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Yizkor Shavuot - How the Future Contains the Past Sermon

Sermon by Rabbi Melanie Aron

Wednesday, June 4, 2014

The Book of Ruth, which is customarily read on Shavuot, begins as a tragedy. In the first several verses, we find Naomi suffering famine,  forced to leave her beloved home. This is followed by the loss of her husband and two sons, one right after the other.  8 verses into the book, there she is without bread, without  home, without  husband, without children.

Ruth enters the story as a force for Tikkun, for repair. She accompanies Naomi back to her home to Bethlehem, she gleans in the fields to bring her bread, and ultimately through her own marriage and baby, provides Naomi with the family continuity which softens her other losses.

 Writing in Lilith Magazine, Lori Lefkovitz, professor at the Reconstructionist Rabbinical College, suggests that we imagine Naomi and Ruth as in a film. First they are in a close up and we see them alone with the hardships in their lives-but then the angle of the camera widens, and the scene opens to include both the past and the future. We see these two women at first—then their connections with past generations and especially with the future becomes visible.

This is the perspective that we gain from the Yizkor service. Most commonly we see our loved ones and ourselves in the small frame, but through Yizkor we also gain perspective on our place and their place on an infinitely extensive trajectory.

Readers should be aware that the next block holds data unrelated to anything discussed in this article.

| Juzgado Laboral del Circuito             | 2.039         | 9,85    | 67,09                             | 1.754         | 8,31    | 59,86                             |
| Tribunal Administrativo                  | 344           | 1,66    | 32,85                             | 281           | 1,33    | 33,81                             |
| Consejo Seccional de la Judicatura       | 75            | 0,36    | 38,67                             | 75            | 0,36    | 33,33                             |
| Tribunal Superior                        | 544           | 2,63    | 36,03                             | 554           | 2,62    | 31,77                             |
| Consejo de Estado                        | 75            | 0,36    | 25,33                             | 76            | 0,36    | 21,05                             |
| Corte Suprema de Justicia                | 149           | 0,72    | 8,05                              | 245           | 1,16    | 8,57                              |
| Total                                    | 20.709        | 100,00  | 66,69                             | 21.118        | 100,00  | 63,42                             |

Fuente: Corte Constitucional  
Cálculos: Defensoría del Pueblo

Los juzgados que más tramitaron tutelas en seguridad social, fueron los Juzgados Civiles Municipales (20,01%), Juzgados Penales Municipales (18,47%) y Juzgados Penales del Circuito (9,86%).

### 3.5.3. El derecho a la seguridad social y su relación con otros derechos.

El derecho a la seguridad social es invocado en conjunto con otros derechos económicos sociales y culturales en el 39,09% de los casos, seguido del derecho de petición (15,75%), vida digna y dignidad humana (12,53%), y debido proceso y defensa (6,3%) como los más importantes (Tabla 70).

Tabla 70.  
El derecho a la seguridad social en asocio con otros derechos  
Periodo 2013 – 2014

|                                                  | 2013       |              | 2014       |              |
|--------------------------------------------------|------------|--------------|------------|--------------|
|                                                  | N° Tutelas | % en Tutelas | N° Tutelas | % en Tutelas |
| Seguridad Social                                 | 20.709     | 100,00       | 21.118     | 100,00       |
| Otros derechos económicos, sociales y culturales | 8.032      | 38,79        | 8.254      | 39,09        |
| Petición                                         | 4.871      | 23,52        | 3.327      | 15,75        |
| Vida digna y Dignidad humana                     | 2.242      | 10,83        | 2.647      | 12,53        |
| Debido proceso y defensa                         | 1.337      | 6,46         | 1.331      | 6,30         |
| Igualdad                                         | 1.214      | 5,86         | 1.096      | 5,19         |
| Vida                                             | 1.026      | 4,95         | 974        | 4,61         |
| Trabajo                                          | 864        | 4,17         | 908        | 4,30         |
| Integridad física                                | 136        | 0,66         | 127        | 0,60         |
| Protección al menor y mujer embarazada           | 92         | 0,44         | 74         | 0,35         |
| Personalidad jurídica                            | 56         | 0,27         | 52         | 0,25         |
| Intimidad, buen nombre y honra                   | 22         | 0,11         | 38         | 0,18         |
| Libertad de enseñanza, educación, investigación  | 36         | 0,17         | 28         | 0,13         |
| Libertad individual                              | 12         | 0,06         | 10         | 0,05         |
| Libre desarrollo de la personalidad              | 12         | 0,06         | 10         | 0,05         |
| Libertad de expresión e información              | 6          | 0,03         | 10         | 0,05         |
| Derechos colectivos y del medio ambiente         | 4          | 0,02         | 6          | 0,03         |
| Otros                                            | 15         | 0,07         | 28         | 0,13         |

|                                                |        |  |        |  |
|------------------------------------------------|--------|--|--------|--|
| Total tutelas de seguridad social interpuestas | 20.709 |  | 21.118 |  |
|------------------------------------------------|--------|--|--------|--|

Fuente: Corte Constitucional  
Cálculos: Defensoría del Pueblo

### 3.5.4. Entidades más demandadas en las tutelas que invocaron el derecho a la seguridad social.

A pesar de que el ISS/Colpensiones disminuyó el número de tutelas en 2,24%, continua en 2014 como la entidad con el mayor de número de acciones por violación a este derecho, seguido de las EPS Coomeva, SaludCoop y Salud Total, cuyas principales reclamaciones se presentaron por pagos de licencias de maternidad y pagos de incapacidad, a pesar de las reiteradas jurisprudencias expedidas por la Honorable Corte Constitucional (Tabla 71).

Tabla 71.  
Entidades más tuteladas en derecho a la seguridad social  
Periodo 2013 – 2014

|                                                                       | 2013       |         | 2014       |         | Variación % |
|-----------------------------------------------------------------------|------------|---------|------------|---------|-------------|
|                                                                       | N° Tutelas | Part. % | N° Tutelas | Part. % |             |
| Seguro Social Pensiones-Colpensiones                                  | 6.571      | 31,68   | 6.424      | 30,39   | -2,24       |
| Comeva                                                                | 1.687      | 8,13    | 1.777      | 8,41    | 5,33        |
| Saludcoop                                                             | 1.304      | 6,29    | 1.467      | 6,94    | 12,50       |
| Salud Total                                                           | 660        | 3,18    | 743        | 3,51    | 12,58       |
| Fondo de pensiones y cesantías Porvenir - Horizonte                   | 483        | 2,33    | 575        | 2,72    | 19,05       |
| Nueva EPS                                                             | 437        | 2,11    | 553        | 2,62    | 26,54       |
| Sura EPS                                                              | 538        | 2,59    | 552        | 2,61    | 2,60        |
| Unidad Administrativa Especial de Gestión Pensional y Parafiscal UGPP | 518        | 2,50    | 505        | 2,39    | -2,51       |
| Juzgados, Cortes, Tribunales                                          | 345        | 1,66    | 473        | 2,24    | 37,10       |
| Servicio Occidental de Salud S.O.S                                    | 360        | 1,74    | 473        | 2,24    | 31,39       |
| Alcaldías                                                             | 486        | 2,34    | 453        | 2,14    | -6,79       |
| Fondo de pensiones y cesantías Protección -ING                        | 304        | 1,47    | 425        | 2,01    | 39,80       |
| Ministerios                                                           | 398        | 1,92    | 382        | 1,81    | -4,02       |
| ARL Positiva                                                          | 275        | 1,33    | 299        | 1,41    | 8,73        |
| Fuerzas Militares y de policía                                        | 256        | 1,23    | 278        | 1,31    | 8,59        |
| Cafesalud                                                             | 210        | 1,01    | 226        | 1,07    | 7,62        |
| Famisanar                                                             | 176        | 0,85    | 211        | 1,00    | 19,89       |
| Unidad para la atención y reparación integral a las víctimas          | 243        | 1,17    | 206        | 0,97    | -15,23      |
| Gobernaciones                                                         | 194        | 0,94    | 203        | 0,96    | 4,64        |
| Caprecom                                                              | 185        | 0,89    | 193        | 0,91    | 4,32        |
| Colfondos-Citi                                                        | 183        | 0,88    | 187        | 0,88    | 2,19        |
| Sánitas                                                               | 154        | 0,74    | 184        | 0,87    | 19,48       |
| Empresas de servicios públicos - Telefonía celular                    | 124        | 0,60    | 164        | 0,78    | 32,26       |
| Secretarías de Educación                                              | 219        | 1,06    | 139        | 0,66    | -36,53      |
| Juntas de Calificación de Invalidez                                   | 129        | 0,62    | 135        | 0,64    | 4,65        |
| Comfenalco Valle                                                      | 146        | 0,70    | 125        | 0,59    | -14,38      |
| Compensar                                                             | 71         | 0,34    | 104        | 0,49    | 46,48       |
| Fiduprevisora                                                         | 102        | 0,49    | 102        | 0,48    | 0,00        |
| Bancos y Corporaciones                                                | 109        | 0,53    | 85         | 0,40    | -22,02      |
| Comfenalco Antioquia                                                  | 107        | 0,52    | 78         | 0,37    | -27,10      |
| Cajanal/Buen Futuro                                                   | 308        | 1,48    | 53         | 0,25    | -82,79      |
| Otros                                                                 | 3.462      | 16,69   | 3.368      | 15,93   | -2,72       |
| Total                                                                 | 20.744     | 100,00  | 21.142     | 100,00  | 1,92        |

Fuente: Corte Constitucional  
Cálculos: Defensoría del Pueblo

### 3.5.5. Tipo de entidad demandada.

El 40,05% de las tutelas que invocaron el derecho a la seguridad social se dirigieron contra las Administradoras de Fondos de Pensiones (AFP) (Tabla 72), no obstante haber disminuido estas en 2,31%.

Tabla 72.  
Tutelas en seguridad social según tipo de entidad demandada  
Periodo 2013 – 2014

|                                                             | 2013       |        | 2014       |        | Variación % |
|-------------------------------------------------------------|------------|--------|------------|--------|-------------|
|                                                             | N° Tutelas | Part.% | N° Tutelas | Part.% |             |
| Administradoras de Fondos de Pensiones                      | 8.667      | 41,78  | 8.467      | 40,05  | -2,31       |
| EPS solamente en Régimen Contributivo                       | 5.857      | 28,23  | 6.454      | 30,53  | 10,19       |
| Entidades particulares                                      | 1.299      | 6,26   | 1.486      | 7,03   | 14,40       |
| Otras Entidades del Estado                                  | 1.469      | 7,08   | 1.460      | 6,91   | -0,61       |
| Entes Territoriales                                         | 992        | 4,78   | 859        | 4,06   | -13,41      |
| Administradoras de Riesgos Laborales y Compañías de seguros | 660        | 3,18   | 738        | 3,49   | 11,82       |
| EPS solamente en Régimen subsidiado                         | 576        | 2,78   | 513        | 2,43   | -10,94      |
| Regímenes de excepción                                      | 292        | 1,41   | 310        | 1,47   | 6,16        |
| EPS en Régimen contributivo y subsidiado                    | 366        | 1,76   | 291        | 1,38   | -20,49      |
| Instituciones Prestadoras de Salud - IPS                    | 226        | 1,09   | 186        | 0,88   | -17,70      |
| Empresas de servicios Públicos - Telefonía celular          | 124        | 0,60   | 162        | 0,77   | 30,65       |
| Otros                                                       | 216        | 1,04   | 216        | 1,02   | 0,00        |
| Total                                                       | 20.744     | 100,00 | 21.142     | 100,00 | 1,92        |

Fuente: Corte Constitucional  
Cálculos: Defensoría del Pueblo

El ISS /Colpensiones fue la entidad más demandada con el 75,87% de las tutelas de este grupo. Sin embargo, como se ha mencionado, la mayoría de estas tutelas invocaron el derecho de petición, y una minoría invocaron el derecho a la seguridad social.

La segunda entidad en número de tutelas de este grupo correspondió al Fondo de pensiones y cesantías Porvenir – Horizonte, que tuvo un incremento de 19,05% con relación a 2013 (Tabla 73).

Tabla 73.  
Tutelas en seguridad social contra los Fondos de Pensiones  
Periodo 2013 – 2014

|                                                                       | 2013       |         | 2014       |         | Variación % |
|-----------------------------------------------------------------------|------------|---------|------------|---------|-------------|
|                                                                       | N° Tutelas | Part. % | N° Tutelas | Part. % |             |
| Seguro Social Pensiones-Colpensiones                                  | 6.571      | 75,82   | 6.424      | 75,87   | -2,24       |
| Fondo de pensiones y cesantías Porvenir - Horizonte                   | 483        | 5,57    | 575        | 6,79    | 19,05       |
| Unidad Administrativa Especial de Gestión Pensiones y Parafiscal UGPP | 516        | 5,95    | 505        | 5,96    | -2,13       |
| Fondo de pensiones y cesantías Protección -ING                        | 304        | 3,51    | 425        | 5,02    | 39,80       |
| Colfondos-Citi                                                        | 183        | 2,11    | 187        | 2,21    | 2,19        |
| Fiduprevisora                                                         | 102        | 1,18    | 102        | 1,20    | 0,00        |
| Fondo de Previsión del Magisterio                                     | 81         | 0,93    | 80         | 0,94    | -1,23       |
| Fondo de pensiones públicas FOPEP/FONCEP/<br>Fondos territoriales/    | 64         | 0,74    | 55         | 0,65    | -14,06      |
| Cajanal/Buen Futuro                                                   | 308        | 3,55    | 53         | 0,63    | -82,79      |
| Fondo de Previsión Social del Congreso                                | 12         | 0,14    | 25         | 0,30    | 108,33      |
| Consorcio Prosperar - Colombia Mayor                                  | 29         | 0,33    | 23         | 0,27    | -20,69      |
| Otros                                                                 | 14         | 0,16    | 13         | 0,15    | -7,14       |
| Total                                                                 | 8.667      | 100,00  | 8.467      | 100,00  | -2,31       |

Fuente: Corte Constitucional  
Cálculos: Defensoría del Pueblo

Returning to the book of Ruth—her husband is not totally gone. The laws of the Levirite marriage provide for her first husband to be memorialized through the child she has by his kinsman. Perhaps he is present too in the tenderness that Ruth has shown to her mother-in-law, perhaps it was learned from him. It seems likely that this kindness was expressed also to the baby and down through all the generations.

In so many ways the future contains the past, even as the past seems to retreat the more we try to hold onto it.

This past week the New York Times had a book review about a study of the impact of father’s on the lives of their children especially daughters. Loving fathers help their children to be more verbal, to be healthier, to have more to contribute to their communities.

As the years pass since my father’s death, I worry that in some ways he is becoming more inaccessible to me- this article helped me remember that his contribution to my life and to the lives of so many other people, is already here, it is playing out not just in memory but in all that I am and do. Our loved ones are preserved in our character, in who we are, and who we become, even after they are gone.

Professor Lefkovitz ended her study of Ruth with words that were comforting to me and I”d like to share them with you: “The way we honor the dead is to live with the conviction that our lives are infinitely promising no matter how grim things may seem, and that the promise of our own futures is partly owed to the many, often intangible ways, that our departed have shaped who we are. “

 

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